Read more: How to Attract Birds to Your Garden for Photography

4. Visit your local duck pond or lake

This is a project you will have to leave home for unless you own a country estate! Most urban areas have areas of water that can provide a host of photographic opportunities, particularly for water birds.

As a wildlife photographer, I am happy photographing the more common species and can spend hours pointing my lens at mallard ducks or greylag and Canada geese. We are all perpetual students, and I am always trying to get the best images I can.

photographing geese

If you are new to wildlife photography, these species can be great to hone your skills with.

As well as being approachable, these birds will probably be there all year, allowing you to capture seasonal images from courtship in spring to baby birds in summer, misty atmospheric autumn mornings, and cold and frozen winter conditions.

Photographing subjects through the seasons is a great project on its own and will keep you occupied for years as you build up your image portfolio.

Read more: How to Photograph Ducks, Geese and Other Wildfowl

5. Concentrate on a single subject

All of us will have our favorite species to photograph, and as I alluded to in the previous project, photographing and focusing on a single subject across the seasons is a great project to work on.

This could be anything from the wildlife in your garden or at your local pond to making specific trips during the year. Just remember that the more time you can spend with your chosen subject, the more likely you are to get great images.

how to photograph deer

I have worked on and continue to work on subjects such as roe deer, brown hares, great-crested grebes, and any wildlife that frequents my own garden.

Top tip: Of course, some subjects will only be around for part of the year, and you will have to adjust your projects accordingly. Make sure to research your subject fully before committing to photograph it.

One of my favorite seasonal subjects is the terns that arrive in the UK in spring and have left by late summer. Therefore, I concentrate my photography on these for a few months before moving to another subject.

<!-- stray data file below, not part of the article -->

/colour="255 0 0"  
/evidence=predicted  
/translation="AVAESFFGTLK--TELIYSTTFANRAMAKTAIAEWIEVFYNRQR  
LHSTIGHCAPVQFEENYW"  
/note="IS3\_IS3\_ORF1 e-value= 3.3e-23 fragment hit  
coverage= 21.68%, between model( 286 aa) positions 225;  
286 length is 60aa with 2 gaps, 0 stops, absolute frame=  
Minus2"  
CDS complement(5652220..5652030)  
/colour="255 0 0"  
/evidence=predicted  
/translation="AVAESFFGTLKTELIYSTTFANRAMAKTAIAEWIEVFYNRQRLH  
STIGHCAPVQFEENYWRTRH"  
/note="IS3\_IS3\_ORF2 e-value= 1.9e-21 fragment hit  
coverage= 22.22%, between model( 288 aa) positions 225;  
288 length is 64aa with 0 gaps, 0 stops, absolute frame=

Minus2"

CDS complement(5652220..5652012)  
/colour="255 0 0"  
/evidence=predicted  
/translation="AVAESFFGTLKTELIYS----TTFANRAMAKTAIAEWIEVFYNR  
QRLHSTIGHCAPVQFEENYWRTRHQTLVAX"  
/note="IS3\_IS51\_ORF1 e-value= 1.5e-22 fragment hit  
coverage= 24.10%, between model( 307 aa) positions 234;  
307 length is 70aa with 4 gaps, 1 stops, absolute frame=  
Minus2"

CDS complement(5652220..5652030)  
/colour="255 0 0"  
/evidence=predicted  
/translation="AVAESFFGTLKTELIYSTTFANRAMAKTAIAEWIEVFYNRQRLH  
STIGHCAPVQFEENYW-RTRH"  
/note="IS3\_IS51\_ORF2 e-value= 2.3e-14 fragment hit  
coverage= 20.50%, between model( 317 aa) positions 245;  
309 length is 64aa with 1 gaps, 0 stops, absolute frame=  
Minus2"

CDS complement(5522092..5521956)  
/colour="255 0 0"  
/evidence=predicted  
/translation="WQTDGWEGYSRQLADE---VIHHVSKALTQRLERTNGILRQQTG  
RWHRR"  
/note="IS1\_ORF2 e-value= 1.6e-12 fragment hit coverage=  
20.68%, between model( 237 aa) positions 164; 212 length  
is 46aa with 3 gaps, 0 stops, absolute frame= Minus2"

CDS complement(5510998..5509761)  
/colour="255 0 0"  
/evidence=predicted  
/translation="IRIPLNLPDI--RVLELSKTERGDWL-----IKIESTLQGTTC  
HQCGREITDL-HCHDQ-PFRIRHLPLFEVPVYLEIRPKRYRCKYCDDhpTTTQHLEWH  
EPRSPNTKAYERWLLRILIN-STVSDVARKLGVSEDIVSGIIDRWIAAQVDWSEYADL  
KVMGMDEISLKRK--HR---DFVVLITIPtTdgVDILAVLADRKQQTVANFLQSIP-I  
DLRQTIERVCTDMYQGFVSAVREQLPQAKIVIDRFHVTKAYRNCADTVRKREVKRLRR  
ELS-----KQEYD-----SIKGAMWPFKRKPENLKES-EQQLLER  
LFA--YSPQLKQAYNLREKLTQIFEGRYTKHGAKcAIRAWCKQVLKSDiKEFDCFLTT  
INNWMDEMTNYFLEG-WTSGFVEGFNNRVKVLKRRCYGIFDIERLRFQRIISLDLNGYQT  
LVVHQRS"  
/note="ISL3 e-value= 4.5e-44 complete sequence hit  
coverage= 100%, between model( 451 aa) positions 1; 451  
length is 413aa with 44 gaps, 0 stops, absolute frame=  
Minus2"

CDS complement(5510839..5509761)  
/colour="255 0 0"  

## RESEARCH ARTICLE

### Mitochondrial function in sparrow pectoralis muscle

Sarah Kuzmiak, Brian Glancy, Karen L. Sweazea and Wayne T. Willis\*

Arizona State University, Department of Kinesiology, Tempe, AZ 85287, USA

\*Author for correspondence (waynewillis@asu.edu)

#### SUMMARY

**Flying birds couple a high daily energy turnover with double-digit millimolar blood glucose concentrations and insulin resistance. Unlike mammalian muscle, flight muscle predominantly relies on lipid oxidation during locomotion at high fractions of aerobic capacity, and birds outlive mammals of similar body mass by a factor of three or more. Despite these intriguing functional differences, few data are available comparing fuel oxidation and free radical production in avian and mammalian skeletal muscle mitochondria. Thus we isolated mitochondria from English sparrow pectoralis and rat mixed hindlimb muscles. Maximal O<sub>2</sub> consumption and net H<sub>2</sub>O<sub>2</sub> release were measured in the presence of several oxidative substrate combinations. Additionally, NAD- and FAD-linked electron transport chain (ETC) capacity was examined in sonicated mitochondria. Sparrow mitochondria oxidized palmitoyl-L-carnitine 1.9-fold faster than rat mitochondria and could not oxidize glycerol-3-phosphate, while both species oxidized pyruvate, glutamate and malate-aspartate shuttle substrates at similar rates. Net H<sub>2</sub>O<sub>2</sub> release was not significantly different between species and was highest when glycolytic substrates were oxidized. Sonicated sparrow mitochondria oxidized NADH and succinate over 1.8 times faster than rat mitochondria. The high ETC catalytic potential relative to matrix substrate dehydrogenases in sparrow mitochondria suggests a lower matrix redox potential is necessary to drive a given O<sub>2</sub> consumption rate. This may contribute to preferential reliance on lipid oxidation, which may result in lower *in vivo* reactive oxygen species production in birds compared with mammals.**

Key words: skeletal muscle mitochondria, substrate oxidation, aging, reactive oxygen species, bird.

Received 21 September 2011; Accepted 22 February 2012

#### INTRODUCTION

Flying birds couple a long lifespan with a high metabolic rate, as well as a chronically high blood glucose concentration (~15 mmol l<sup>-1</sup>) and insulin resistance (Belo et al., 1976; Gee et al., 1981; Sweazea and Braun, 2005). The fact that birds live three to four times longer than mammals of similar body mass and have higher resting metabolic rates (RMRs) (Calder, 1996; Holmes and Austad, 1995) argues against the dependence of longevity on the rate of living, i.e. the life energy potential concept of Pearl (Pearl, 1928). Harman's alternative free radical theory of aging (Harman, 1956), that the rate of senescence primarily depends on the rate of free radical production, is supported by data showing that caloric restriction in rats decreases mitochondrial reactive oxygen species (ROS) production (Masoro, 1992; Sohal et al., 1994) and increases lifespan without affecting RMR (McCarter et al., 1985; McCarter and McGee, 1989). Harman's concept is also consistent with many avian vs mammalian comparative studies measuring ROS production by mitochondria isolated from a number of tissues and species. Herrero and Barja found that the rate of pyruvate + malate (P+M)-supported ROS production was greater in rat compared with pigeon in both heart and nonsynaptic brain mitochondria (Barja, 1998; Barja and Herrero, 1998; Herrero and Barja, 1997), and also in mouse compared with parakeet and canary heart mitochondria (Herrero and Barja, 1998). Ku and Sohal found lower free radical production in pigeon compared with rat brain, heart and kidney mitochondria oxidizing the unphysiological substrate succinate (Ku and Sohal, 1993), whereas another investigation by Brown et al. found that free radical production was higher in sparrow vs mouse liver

Read more: Photographing a Species In-depth

6. Use the weather to your advantage

Are you a fair-weather photographer? There is nothing wrong with only going out with your camera on sunny days, but there are plenty of images that you can capture by using the weather to your advantage.

photographing birds in snow

Subjects in the rain, frost, or snow can be very appealing, and at many locations, from your own garden to a nature reserve, you can stay dry by being in a hide. Even heading out after a rain or snow shower can be very worthwhile.

Flowers and plants are particularly photogenic with water droplets, and even better if there is an insect hidden on or in them.

Foggy or misty conditions provide opportunities to photograph wildlife subjects smaller in the frame, utilizing the environment such as a lake or woodland to capture an atmospheric image.

The strength of the wind can also be used to your advantage; calm days are best for macro images of plants and insects, but a fresher breeze can be beneficial for capturing birds in flight.

bird in rainbow photograph projects

Larger birds such as swans and geese will need to take off and land into the wind, much like an airplane. With this knowledge, you can position yourself at a lakeside so the birds fly towards you.

Windy days on the coast can be partially rewarding, where you can capture subjects on sandy beaches with the shifting sands or against stormy waves.

And of course, rainbows only appear when it rains!

Read more: How to Photograph Wildlife in Extreme Weather

7. Challenge yourself to capture moving subjects

One aspect of photography that people often want to improve on is capturing moving subjects, especially birds or insects in flight.

With modern cameras constantly improving, particularly their autofocus and frame rates, this has certainly become easier. But you still have to get the subject in the frame!

photography project ideas

Subjects such as lapwings whirling around during their display flights will never be easy, but I believe that with plenty of practice, you can improve your chances.

It’s worth heading back to your local pond for this project, where the bigger birds such as swans and geese make excellent flight subjects. In fact, generally, the bigger the bird, the slower it will fly, so herons, gulls, or cormorants will also be prime practice species.

If you fancy somewhere different to hone your skills, a visit to a bird of prey center is a worthy venture to get some practice in during the flying displays.

how to photograph birds in flight

Pay attention to where the falconers position themselves as the birds will be enticed by food to return to their arm or a lure.